Judith Light has been a staple on television for nearly 40 years, playing a number of memorable characters -- Karen Wolek (One Life to Live), Angela Bower (Who’s the Boss?), and Claire Meade (Ugly Betty) -- but none more important or as relevant as Shelly Pfefferman on Amazon’s Transparent.
“I feel doubly blessed,” Light tells ET about the role, which has revitalized her career -- just this year, she was nominated for a Critics’ Choice Television Award and Golden Globe -- as well as aligned her longtime activism for the LGBTQ community with her onscreen work.
On the award-winning series, Light plays an aging, neurotic matriarch -- the character seemingly a decade older than her own 66 years -- and ex-wife of Maura (Jeffrey Tambor), her husband who came out as a transgender woman. Over the course of two seasons, Shelly’s been forced to face her own morality, sexuality, and the family’s growing list of secrets as the Pfefferman family comes to terms with Maura’s identity.
“It has always been the story about Maura and her transition, but it's also always been this story about this family and how each one of them relates,” Light says of the show, which asks the question, “I’m telling you my truth, now what is your truth?”
For Shelly, particularly in season two, she’s confronted with her loneliness. “She so deeply needs a connection and has simply no way to know how to do that,” Light says. “In her attempt to connect with people, to connect with Maura, she ends up pushing her away.”
That comes to a head in episode two, “Flicky-Flicky Thump-Thump,” when Shelly is pleasured by Maura in the bathroom. “There is this more-than-understanding of mature people and their sexuality, which is something we've never seen on television,” Light says of the scene, which has garnered tons of media attention. Though, it’s more than an “orgasm scene” (Light’s preferred description). “I think we're learning about her needs and wants and her desperately trying to connect.”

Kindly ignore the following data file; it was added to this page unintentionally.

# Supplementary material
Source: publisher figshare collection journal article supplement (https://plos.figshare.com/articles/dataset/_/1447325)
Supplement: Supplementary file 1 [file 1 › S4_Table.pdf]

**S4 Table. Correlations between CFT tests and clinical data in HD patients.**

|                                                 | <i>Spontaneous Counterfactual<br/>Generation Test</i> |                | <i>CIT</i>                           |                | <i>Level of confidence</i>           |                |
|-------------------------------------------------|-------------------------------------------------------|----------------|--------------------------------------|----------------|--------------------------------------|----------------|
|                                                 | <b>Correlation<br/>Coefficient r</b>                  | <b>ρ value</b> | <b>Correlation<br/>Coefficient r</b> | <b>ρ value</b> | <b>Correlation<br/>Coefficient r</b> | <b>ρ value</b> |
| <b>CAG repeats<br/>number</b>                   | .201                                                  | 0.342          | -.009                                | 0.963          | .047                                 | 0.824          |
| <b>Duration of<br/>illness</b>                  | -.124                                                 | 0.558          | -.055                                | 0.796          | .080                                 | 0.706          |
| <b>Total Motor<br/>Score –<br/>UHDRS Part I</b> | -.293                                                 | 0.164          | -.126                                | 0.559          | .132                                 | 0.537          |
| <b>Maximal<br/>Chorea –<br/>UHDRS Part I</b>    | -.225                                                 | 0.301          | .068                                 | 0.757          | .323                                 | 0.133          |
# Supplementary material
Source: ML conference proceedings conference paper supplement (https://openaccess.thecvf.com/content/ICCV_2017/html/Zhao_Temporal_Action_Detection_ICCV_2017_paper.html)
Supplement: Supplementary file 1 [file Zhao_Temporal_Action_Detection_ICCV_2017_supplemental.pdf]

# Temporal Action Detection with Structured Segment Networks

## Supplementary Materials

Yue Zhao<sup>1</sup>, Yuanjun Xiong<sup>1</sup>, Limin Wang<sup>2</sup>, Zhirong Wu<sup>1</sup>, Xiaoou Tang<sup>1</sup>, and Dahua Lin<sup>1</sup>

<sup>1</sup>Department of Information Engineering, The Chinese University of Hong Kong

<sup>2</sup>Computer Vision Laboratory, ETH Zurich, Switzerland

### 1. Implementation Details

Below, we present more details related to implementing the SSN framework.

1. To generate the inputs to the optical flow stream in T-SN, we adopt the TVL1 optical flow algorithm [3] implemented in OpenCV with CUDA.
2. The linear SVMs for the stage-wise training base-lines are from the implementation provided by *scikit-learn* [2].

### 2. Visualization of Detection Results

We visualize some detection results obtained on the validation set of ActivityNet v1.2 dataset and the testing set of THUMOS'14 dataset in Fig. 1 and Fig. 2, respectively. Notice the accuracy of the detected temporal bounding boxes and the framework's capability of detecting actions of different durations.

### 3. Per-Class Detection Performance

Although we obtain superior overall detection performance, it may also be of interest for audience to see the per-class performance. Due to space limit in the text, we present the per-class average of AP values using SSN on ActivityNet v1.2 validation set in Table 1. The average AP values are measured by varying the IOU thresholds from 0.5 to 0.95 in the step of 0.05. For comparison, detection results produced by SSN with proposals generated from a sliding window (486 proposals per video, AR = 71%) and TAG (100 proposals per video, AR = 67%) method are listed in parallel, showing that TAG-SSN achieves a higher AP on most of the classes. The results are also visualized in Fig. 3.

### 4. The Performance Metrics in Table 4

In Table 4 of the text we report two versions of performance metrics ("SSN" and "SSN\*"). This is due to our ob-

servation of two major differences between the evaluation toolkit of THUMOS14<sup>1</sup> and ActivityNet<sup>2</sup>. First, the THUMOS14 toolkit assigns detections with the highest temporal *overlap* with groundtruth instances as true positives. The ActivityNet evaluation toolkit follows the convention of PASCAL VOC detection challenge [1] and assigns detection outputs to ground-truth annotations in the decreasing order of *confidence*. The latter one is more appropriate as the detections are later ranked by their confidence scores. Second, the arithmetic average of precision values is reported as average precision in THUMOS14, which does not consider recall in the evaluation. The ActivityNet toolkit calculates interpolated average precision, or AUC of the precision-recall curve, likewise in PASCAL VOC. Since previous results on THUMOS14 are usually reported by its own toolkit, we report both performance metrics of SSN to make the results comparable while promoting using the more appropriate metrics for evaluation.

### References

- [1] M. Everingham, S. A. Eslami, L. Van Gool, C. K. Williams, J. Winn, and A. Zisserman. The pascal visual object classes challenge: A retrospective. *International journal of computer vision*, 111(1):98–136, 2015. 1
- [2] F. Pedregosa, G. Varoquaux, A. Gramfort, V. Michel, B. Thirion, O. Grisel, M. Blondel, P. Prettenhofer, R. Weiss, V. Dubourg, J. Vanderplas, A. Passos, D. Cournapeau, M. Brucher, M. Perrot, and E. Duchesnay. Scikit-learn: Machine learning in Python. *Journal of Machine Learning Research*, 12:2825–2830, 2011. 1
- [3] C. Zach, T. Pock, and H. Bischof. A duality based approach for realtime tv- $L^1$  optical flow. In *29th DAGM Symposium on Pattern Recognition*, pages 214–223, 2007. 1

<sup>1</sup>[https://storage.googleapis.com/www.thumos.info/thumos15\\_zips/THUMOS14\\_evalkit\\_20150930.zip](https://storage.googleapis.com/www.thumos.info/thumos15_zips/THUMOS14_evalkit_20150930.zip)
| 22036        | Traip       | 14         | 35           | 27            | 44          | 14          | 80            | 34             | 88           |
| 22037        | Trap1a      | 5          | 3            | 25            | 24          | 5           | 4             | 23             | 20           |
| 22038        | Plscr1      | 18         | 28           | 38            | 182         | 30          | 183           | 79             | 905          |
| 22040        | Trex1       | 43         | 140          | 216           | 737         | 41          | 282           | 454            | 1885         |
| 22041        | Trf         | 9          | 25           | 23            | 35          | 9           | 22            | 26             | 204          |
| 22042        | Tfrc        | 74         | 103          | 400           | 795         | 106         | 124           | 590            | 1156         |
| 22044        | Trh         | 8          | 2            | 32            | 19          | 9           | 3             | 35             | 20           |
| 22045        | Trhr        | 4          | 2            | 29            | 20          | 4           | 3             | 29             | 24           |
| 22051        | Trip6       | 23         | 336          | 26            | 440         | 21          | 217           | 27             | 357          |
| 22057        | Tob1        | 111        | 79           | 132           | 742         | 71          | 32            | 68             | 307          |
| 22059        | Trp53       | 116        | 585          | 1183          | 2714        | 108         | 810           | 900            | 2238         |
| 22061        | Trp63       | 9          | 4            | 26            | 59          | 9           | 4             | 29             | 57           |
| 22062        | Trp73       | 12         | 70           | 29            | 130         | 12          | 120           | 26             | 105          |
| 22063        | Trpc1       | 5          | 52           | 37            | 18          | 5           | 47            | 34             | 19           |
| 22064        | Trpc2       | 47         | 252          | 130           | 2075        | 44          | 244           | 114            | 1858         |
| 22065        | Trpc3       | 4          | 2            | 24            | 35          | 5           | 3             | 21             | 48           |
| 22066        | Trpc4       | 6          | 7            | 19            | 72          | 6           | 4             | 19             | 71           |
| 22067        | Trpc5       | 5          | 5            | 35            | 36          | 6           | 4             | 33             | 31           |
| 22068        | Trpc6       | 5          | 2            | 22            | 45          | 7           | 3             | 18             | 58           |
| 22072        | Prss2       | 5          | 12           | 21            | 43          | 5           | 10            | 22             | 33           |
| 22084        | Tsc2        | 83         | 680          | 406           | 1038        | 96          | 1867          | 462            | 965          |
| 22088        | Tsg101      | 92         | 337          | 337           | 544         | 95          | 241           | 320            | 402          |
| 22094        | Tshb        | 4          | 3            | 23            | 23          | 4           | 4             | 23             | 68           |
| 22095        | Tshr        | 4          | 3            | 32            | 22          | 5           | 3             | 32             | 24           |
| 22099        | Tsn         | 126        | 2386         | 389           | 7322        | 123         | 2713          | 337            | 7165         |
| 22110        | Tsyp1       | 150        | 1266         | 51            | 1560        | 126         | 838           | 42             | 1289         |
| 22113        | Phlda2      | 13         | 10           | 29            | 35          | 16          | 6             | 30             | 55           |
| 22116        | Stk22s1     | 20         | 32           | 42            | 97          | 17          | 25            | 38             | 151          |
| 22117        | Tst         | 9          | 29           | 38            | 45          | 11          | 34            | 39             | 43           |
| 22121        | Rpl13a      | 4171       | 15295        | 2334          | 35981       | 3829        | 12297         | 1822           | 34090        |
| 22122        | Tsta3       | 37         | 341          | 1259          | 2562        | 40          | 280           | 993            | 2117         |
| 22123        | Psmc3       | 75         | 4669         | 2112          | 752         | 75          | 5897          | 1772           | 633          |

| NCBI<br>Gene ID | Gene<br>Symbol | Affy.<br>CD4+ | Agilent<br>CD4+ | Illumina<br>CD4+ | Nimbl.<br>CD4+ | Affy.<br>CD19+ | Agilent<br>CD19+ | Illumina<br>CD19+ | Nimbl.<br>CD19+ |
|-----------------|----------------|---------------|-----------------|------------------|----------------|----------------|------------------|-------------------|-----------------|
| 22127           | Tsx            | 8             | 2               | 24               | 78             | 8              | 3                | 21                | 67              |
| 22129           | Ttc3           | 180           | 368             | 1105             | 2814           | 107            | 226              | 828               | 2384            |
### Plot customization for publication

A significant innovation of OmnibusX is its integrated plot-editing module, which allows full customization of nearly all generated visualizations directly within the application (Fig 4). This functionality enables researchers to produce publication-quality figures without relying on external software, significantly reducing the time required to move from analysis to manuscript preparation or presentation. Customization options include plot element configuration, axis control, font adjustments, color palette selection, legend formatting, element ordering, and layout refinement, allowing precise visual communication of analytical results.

The moment itself also proved to be the most challenging for Light. “The thing about it is, was Jeffrey and I really needed to spend time talking to each other about what we were both nervous and afraid of,” she says, crediting both Tambor and creator Jill Soloway for creating a comfortable space to film. “When I first read it, I was very nervous. I said to Jill, ‘I'm terrified.’ She just heard me and she just let me talk.”
“You take a risk. You don't know how it's going to come out,” Light says. “I put myself in Jill's hands. We all just held hands before we started. It was very potent and very powerful for all of us.”
What followed was an intimate moment on the set with her, Tambor, Soloway, and cinematographer Jim Frohna. Soloway herself poured buckets of bubbles on the actress, and Tambor took his place on the side of the tub while Frohna handled the camera. Following filming, Tambor sent the actress a text: “It doesn’t get any better than this.”
Before the final scene was put into the episode, Soloway pulled Light aside to show her what came together onscreen. “Then I saw it, ‘Oh, this is right and this is important,’” Light says. “Then I said, ‘Godspeed.’ It was a real process. I feel very proud of it.”
That pride also comes in showing that mature people can be -- and still are -- sexual. “We don’t see sex between people of our ages on television,” Light says, proving that audiences want to see honest, authentic storytelling. “If you do something intimate and powerful and truthful and groundbreaking, they want to see it.”